Venue Details

Folger Theatre
201 East Capitol Street, SE Washington, DC 20003
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4.4 / 5 Rated by 36 members
Review from M Simpkins
16 events 7 reviews

The music is great! The stage is great! 90 percent of the acting is great.
I didn't know the story so the plot was really interesting. I'd recommend checking it out - especially if you haven't been to the theatre before. The architecture alone is...continued

reviewed Jan 28 2010 report as inappropriate
Review from Nancy Cedar
Red Velvet 34 events 18 reviews

An absolutely wonderful performance! I was determined to see it, and had to sit in "bird's eye view" seats on top of the stage, but it didn't matter--Holly Twyford was superb, and the chorus was smashing! five young women with perfect diction...continued

reviewed Mar 05 2010 report as inappropriate
Review from William Grote
Red Velvet 350 events 230 reviews

This superbly performed outstandingly-crafted play combined pinnacle classic acting with occasional wisps of mundane humor. All of the actors were masters of their roles. Holly Twyford once again demonstrated that she can evolve into any kind of...continued

reviewed Feb 23 2010 report as inappropriate
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Aaron Posner (Arcadia, Macbeth, Measure for Measure) returns to the Folger to direct this co-production with Two River Theater Company.

Helen Hayes Award nominee Jay Sullivan plays the title role of Orestes. Electra, Orestes’ sister, is played by Helen Hayes Award winner Holly Twyford, who is often on the Folger stage and most recently appeared in Folger Theatre’s production of Arcadia, also directed by Posner. Chris Genebach provides a virtuoso turn in four different roles, including Helen of Troy and Menelaus. The production also features a five-member female chorus singing original music composed by Obie Award winner James Sugg.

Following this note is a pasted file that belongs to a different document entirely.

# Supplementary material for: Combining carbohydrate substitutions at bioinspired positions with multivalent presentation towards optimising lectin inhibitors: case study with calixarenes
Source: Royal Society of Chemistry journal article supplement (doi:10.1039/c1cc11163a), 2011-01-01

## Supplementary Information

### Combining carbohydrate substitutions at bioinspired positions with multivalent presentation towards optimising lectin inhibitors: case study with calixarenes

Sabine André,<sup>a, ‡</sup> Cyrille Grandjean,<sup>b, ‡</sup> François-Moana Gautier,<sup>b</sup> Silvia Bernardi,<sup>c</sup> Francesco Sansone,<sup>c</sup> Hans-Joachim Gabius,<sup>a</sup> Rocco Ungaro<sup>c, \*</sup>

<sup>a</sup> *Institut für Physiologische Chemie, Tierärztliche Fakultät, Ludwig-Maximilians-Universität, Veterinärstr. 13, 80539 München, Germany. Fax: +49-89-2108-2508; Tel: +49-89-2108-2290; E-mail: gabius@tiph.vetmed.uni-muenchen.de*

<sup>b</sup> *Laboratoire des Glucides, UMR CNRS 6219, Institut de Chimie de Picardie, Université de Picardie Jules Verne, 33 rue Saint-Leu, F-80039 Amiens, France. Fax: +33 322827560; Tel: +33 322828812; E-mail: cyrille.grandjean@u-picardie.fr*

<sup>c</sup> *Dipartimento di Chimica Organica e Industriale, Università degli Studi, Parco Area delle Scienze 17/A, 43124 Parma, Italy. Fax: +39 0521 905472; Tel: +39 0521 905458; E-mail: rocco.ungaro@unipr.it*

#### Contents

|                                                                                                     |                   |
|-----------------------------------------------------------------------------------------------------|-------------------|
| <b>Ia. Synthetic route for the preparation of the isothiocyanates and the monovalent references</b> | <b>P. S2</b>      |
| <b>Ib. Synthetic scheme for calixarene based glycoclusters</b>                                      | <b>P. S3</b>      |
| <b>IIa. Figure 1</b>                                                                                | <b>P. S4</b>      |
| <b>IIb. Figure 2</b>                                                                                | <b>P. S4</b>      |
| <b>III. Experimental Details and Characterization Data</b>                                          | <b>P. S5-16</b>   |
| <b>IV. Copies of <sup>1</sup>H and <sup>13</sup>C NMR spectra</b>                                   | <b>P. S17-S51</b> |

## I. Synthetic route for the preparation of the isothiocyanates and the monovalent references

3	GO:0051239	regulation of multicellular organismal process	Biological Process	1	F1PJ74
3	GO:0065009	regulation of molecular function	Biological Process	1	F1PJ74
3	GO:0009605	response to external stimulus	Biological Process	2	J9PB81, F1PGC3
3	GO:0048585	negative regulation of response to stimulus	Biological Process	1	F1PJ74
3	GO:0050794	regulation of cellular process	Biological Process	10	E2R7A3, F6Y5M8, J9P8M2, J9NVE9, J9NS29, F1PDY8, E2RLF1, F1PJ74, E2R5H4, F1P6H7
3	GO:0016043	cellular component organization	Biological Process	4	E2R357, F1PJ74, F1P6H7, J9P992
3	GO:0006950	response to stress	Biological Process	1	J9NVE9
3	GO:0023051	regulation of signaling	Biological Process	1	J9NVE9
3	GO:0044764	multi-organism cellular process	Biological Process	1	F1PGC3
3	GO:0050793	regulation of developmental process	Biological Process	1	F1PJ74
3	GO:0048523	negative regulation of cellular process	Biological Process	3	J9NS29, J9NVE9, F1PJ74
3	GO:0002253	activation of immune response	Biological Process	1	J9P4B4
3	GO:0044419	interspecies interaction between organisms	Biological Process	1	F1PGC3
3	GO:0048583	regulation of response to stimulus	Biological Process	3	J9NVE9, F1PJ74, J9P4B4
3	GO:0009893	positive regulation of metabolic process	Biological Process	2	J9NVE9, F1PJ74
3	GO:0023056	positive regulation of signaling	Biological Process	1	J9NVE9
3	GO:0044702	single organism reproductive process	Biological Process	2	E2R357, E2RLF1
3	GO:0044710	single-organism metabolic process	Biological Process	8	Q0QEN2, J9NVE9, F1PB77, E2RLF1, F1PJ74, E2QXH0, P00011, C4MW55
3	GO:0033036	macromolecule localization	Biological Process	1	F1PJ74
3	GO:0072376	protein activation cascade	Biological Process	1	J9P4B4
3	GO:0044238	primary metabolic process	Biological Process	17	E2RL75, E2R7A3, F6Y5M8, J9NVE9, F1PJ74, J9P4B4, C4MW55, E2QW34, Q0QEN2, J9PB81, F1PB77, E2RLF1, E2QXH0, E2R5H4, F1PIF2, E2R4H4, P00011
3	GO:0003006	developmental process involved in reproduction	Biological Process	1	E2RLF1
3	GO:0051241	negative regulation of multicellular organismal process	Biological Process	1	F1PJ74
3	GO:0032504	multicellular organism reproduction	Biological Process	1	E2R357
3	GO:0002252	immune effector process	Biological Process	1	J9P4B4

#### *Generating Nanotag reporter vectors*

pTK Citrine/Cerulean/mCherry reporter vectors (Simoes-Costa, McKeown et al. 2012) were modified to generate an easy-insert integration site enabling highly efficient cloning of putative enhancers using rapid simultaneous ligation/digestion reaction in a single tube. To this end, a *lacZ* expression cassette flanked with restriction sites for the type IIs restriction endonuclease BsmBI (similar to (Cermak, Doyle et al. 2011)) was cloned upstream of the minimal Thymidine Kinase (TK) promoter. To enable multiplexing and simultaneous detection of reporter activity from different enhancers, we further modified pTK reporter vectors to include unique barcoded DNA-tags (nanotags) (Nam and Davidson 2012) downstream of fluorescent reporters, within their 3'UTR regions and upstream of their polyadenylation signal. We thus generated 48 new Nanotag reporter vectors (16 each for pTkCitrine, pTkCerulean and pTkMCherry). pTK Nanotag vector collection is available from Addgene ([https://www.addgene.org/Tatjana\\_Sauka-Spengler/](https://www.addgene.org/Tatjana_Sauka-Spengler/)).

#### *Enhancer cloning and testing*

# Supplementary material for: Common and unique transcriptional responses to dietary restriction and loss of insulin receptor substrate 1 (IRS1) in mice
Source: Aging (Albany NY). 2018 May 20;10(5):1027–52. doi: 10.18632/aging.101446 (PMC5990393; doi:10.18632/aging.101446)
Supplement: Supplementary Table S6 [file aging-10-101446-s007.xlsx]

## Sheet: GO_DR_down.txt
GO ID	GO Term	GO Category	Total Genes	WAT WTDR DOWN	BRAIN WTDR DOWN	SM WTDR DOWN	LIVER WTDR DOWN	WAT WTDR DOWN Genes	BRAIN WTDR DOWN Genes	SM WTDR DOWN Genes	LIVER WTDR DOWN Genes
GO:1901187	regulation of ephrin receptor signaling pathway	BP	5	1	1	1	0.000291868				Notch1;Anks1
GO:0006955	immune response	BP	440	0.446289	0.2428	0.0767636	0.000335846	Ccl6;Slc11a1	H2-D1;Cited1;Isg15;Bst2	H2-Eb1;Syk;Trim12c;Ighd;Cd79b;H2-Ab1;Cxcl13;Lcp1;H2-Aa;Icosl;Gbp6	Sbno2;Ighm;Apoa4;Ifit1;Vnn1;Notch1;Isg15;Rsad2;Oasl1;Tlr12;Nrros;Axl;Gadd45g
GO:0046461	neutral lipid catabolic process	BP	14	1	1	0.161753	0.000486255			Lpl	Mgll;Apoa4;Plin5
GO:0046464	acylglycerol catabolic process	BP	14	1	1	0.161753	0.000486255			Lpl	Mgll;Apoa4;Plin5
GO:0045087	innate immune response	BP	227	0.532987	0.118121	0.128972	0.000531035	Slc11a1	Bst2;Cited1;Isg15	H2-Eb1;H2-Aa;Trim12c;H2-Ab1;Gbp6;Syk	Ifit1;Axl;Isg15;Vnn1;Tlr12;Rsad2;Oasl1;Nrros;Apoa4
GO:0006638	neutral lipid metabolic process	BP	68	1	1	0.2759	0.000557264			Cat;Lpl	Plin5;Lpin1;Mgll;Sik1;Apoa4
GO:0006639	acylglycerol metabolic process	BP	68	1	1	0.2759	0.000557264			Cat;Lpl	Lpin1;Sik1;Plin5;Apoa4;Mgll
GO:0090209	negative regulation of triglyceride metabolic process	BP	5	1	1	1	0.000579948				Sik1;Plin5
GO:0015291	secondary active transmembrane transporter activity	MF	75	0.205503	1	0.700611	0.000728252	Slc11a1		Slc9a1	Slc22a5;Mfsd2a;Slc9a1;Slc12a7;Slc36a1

Washburn describes the original play as “a peculiar

work—harrowing, funny, ironic, and deeply metatheatrical—a playful, reckless, and terribly clever experimentation with genre.” Expanding further, she says the play is “unlike any other Greek work we have: an antic tragedy, a tragic romp.”

“Love alters the beloved, and Orestes, A Tragic Romp is not entirely the play that Euripides wrote,” Washburn notes. “It’s always a translation in spirit, and word by word, line by line, the vast majority of it hews extremely close to the original. My aim in working on this play is not to adjust it to my own interests but to bring it to life, as best I can, with every complexity intact. In doing so, I have allowed myself liberties and equivalencies. I’ve teased out some of the backstory, which may not be as present to modern day Americans as it was to ancient Athenians; I’ve cut some allusions which are too elusive to be currently engaging; and here and there I have, yes, amused myself. I’ve brought myself fully to this process and am in the play, for sure, but probably not where you’d expect a contemporary author to be. Most everything that is ironic, bouncy, grave, bizarrely fresh, and relentlessly modern about the play is Euripides.”

Director Aaron Posner said he was “about four lines into Anne Washburn’s wonderful translation/adaptation of Orestes” when he knew he wanted to direct it. “There was something in the tone, the energy, and the smart irony of the language that I found compelling and challenging in all the right ways,” Posner said.

Janet Griffin, artistic producer of Folger Theatre, was also interested in Orestes, A Tragic Romp because of the clever way the play marries the old and the new, presenting a Greek classic in a contemporary voice. “Orestes, with its central young, tragic figure is also a very appropriate lead in to Hamlet, the final production of our season,” Griffin added.

As the play begins, Orestes and his sister Electra await judgment from the City after murdering their mother, Clytemnestra. With Electra’s assistance, Orestes killed Clytemnestra to avenge the death of their father, Agamemnon, whom Clytemnestra killed shortly after he returned from the Trojan War. Orestes, A Tragic Romp raises important issues that are as relevant now as when Euripides first penned his original play: fate vs. freewill, coming to terms with our own mortality, the search for justice in an unjust world.

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